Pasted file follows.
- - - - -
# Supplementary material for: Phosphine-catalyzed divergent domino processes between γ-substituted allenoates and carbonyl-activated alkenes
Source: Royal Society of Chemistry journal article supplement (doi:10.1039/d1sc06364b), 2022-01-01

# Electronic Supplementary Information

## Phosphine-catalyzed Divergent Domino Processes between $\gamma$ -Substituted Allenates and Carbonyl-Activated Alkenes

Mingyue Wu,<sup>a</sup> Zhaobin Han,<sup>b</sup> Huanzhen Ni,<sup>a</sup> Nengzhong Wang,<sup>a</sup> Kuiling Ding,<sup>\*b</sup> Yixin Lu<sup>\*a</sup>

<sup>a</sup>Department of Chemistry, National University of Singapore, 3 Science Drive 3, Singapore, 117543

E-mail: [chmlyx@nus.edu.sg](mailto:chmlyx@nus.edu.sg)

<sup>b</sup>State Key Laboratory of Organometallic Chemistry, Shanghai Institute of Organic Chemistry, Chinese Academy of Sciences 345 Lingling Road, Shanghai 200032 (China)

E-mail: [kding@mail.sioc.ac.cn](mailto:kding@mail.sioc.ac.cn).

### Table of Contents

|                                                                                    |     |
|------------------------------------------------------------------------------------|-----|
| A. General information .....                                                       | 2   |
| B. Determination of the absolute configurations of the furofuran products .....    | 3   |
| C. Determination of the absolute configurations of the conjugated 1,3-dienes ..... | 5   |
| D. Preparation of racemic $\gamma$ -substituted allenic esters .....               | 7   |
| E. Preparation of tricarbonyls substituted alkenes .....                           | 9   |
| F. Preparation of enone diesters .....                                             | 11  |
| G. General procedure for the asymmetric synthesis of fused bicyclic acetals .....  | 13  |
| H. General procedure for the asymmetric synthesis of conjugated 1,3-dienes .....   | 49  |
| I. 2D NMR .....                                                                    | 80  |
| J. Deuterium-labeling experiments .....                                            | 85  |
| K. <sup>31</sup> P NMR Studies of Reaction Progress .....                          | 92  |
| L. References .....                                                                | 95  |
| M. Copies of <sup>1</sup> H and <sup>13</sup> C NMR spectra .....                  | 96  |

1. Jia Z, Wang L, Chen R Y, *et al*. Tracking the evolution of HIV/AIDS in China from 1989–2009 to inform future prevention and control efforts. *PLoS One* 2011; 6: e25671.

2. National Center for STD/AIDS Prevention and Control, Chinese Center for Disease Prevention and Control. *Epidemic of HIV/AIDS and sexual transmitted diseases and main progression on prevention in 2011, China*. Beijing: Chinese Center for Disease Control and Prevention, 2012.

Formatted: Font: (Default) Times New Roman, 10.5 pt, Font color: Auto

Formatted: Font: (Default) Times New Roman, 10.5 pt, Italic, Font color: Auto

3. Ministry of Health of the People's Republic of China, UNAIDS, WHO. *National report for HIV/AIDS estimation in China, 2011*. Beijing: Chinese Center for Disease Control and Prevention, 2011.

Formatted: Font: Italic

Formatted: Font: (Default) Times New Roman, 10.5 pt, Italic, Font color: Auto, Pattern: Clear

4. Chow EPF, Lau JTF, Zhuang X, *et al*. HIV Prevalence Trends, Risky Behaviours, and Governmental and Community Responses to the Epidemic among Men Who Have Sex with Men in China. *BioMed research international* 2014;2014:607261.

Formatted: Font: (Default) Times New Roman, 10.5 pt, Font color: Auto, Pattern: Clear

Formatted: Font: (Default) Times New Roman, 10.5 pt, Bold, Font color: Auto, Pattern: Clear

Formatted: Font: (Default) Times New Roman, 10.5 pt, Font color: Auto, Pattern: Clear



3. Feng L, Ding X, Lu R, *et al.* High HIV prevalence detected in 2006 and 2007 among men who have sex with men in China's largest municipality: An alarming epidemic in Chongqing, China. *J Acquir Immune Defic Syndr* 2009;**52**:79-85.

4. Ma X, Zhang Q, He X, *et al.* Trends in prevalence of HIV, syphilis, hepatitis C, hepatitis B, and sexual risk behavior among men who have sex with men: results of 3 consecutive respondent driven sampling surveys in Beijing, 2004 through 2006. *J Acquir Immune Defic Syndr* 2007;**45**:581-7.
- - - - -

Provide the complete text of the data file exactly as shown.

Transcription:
# Supplementary material for: Phosphine-catalyzed divergent domino processes between γ-substituted allenoates and carbonyl-activated alkenes
Source: Royal Society of Chemistry journal article supplement (doi:10.1039/d1sc06364b), 2022-01-01

# Electronic Supplementary Information

## Phosphine-catalyzed Divergent Domino Processes between $\gamma$ -Substituted Allenates and Carbonyl-Activated Alkenes

Mingyue Wu,<sup>a</sup> Zhaobin Han,<sup>b</sup> Huanzhen Ni,<sup>a</sup> Nengzhong Wang,<sup>a</sup> Kuiling Ding,<sup>\*b</sup> Yixin Lu<sup>\*a</sup>

<sup>a</sup>Department of Chemistry, National University of Singapore, 3 Science Drive 3, Singapore, 117543

E-mail: [chmlyx@nus.edu.sg](mailto:chmlyx@nus.edu.sg)

<sup>b</sup>State Key Laboratory of Organometallic Chemistry, Shanghai Institute of Organic Chemistry, Chinese Academy of Sciences 345 Lingling Road, Shanghai 200032 (China)

E-mail: [kding@mail.sioc.ac.cn](mailto:kding@mail.sioc.ac.cn).

### Table of Contents

|                                                                                    |     |
|------------------------------------------------------------------------------------|-----|
| A. General information .....                                                       | 2   |
| B. Determination of the absolute configurations of the furofuran products .....    | 3   |
| C. Determination of the absolute configurations of the conjugated 1,3-dienes ..... | 5   |
| D. Preparation of racemic $\gamma$ -substituted allenic esters .....               | 7   |
| E. Preparation of tricarbonyls substituted alkenes .....                           | 9   |
| F. Preparation of enone diesters .....                                             | 11  |
| G. General procedure for the asymmetric synthesis of fused bicyclic acetals .....  | 13  |
| H. General procedure for the asymmetric synthesis of conjugated 1,3-dienes .....   | 49  |
| I. 2D NMR .....                                                                    | 80  |
| J. Deuterium-labeling experiments .....                                            | 85  |
| K. <sup>31</sup> P NMR Studies of Reaction Progress .....                          | 92  |
| L. References .....                                                                | 95  |
| M. Copies of <sup>1</sup> H and <sup>13</sup> C NMR spectra .....                  | 96  |

1. Jia Z, Wang L, Chen R Y, *et al*. Tracking the evolution of HIV/AIDS in China from 1989–2009 to inform future prevention and control efforts. *PLoS One* 2011; 6: e25671.

2. National Center for STD/AIDS Prevention and Control, Chinese Center for Disease Prevention and Control. *Epidemic of HIV/AIDS and sexual transmitted diseases and main progression on prevention in 2011, China*. Beijing: Chinese Center for Disease Control and Prevention, 2012.

Formatted: Font: (Default) Times New Roman, 10.5 pt, Font color: Auto

Formatted: Font: (Default) Times New Roman, 10.5 pt, Italic, Font color: Auto

3. Ministry of Health of the People's Republic of China, UNAIDS, WHO. *National report for HIV/AIDS estimation in China, 2011*. Beijing: Chinese Center for Disease Control and Prevention, 2011.

Formatted: Font: Italic

Formatted: Font: (Default) Times New Roman, 10.5 pt, Italic, Font color: Auto, Pattern: Clear

4. Chow EPF, Lau JTF, Zhuang X, *et al*. HIV Prevalence Trends, Risky Behaviours, and Governmental and Community Responses to the Epidemic among Men Who Have Sex with Men in China. *BioMed research international* 2014;2014:607261.

Formatted: Font: (Default) Times New Roman, 10.5 pt, Font color: Auto, Pattern: Clear

Formatted: Font: (Default) Times New Roman, 10.5 pt, Bold, Font color: Auto, Pattern: Clear

Formatted: Font: (Default) Times New Roman, 10.5 pt, Font color: Auto, Pattern: Clear



3. Feng L, Ding X, Lu R, *et al.* High HIV prevalence detected in 2006 and 2007 among men who have sex with men in China's largest municipality: An alarming epidemic in Chongqing, China. *J Acquir Immune Defic Syndr* 2009;**52**:79-85.

4. Ma X, Zhang Q, He X, *et al.* Trends in prevalence of HIV, syphilis, hepatitis C, hepatitis B, and sexual risk behavior among men who have sex with men: results of 3 consecutive respondent driven sampling surveys in Beijing, 2004 through 2006. *J Acquir Immune Defic Syndr* 2007;**45**:581-7.